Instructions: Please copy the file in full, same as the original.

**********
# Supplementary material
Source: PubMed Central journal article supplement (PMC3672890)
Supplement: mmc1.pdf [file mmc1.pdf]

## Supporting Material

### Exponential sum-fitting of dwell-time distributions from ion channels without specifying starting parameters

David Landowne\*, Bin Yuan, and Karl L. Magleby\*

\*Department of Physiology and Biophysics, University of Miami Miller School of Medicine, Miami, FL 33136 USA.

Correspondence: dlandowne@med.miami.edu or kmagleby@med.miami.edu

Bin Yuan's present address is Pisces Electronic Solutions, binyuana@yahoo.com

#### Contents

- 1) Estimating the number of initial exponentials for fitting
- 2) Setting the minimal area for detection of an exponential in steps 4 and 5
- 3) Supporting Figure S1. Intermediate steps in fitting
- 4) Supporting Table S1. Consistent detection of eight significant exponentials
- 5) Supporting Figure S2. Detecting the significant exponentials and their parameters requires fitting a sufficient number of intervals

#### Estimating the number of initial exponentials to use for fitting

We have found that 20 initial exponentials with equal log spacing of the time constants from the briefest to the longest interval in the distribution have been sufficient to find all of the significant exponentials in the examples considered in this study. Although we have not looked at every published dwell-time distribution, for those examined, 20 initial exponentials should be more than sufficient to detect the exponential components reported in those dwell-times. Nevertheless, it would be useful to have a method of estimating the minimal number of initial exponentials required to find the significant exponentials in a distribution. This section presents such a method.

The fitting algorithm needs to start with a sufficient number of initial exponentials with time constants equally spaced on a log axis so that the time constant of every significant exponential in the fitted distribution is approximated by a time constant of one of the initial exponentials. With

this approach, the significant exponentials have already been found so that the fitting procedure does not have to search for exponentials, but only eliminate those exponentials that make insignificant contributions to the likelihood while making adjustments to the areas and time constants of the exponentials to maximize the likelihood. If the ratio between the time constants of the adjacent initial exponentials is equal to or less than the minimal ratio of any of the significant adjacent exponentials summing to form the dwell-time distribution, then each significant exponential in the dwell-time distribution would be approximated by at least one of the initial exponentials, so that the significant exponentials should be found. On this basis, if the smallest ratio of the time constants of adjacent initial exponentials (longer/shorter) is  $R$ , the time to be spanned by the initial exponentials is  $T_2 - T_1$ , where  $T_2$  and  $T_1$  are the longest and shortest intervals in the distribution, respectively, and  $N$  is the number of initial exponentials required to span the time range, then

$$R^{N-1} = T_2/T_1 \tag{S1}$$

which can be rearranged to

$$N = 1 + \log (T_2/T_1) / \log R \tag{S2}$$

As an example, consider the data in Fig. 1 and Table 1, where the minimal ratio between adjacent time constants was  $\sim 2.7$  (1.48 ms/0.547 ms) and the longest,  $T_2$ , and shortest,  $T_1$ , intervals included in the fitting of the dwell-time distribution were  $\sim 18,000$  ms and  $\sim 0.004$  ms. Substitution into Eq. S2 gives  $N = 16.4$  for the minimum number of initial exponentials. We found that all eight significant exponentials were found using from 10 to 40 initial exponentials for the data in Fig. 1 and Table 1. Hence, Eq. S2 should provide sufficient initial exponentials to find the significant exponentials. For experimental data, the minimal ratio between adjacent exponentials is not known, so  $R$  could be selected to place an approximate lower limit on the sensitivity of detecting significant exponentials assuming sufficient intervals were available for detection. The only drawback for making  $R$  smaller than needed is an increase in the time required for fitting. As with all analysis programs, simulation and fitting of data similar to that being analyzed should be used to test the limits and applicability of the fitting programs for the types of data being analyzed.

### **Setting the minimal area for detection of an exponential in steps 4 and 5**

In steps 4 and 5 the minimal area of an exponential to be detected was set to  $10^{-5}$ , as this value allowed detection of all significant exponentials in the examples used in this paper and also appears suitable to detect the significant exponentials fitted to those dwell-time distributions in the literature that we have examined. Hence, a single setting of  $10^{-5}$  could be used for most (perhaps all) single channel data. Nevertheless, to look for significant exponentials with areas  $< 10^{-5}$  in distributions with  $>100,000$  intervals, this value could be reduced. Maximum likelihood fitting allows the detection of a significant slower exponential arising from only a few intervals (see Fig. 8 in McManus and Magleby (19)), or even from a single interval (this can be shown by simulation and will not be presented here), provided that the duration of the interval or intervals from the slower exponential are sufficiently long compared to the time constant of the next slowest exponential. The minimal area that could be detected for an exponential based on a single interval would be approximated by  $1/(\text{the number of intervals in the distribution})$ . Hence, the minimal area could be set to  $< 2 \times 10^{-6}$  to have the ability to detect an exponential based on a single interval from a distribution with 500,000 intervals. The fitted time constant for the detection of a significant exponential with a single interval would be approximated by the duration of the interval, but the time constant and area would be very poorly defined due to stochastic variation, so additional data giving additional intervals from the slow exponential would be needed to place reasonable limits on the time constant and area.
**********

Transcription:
# Supplementary material
Source: PubMed Central journal article supplement (PMC3672890)
Supplement: mmc1.pdf [file mmc1.pdf]

## Supporting Material

### Exponential sum-fitting of dwell-time distributions from ion channels without specifying starting parameters

David Landowne\*, Bin Yuan, and Karl L. Magleby\*

\*Department of Physiology and Biophysics, University of Miami Miller School of Medicine, Miami, FL 33136 USA.

Correspondence: dlandowne@med.miami.edu or kmagleby@med.miami.edu

Bin Yuan's present address is Pisces Electronic Solutions, binyuana@yahoo.com

#### Contents

- 1) Estimating the number of initial exponentials for fitting
- 2) Setting the minimal area for detection of an exponential in steps 4 and 5
- 3) Supporting Figure S1. Intermediate steps in fitting
- 4) Supporting Table S1. Consistent detection of eight significant exponentials
- 5) Supporting Figure S2. Detecting the significant exponentials and their parameters requires fitting a sufficient number of intervals

#### Estimating the number of initial exponentials to use for fitting

We have found that 20 initial exponentials with equal log spacing of the time constants from the briefest to the longest interval in the distribution have been sufficient to find all of the significant exponentials in the examples considered in this study. Although we have not looked at every published dwell-time distribution, for those examined, 20 initial exponentials should be more than sufficient to detect the exponential components reported in those dwell-times. Nevertheless, it would be useful to have a method of estimating the minimal number of initial exponentials required to find the significant exponentials in a distribution. This section presents such a method.

The fitting algorithm needs to start with a sufficient number of initial exponentials with time constants equally spaced on a log axis so that the time constant of every significant exponential in the fitted distribution is approximated by a time constant of one of the initial exponentials. With

this approach, the significant exponentials have already been found so that the fitting procedure does not have to search for exponentials, but only eliminate those exponentials that make insignificant contributions to the likelihood while making adjustments to the areas and time constants of the exponentials to maximize the likelihood. If the ratio between the time constants of the adjacent initial exponentials is equal to or less than the minimal ratio of any of the significant adjacent exponentials summing to form the dwell-time distribution, then each significant exponential in the dwell-time distribution would be approximated by at least one of the initial exponentials, so that the significant exponentials should be found. On this basis, if the smallest ratio of the time constants of adjacent initial exponentials (longer/shorter) is  $R$ , the time to be spanned by the initial exponentials is  $T_2 - T_1$ , where  $T_2$  and  $T_1$  are the longest and shortest intervals in the distribution, respectively, and  $N$  is the number of initial exponentials required to span the time range, then

$$R^{N-1} = T_2/T_1 \tag{S1}$$

which can be rearranged to

$$N = 1 + \log (T_2/T_1) / \log R \tag{S2}$$

As an example, consider the data in Fig. 1 and Table 1, where the minimal ratio between adjacent time constants was  $\sim 2.7$  (1.48 ms/0.547 ms) and the longest,  $T_2$ , and shortest,  $T_1$ , intervals included in the fitting of the dwell-time distribution were  $\sim 18,000$  ms and  $\sim 0.004$  ms. Substitution into Eq. S2 gives  $N = 16.4$  for the minimum number of initial exponentials. We found that all eight significant exponentials were found using from 10 to 40 initial exponentials for the data in Fig. 1 and Table 1. Hence, Eq. S2 should provide sufficient initial exponentials to find the significant exponentials. For experimental data, the minimal ratio between adjacent exponentials is not known, so  $R$  could be selected to place an approximate lower limit on the sensitivity of detecting significant exponentials assuming sufficient intervals were available for detection. The only drawback for making  $R$  smaller than needed is an increase in the time required for fitting. As with all analysis programs, simulation and fitting of data similar to that being analyzed should be used to test the limits and applicability of the fitting programs for the types of data being analyzed.

### **Setting the minimal area for detection of an exponential in steps 4 and 5**

In steps 4 and 5 the minimal area of an exponential to be detected was set to  $10^{-5}$ , as this value allowed detection of all significant exponentials in the examples used in this paper and also appears suitable to detect the significant exponentials fitted to those dwell-time distributions in the literature that we have examined. Hence, a single setting of  $10^{-5}$  could be used for most (perhaps all) single channel data. Nevertheless, to look for significant exponentials with areas  $< 10^{-5}$  in distributions with  $>100,000$  intervals, this value could be reduced. Maximum likelihood fitting allows the detection of a significant slower exponential arising from only a few intervals (see Fig. 8 in McManus and Magleby (19)), or even from a single interval (this can be shown by simulation and will not be presented here), provided that the duration of the interval or intervals from the slower exponential are sufficiently long compared to the time constant of the next slowest exponential. The minimal area that could be detected for an exponential based on a single interval would be approximated by  $1/(\text{the number of intervals in the distribution})$ . Hence, the minimal area could be set to  $< 2 \times 10^{-6}$  to have the ability to detect an exponential based on a single interval from a distribution with 500,000 intervals. The fitted time constant for the detection of a significant exponential with a single interval would be approximated by the duration of the interval, but the time constant and area would be very poorly defined due to stochastic variation, so additional data giving additional intervals from the slow exponential would be needed to place reasonable limits on the time constant and area.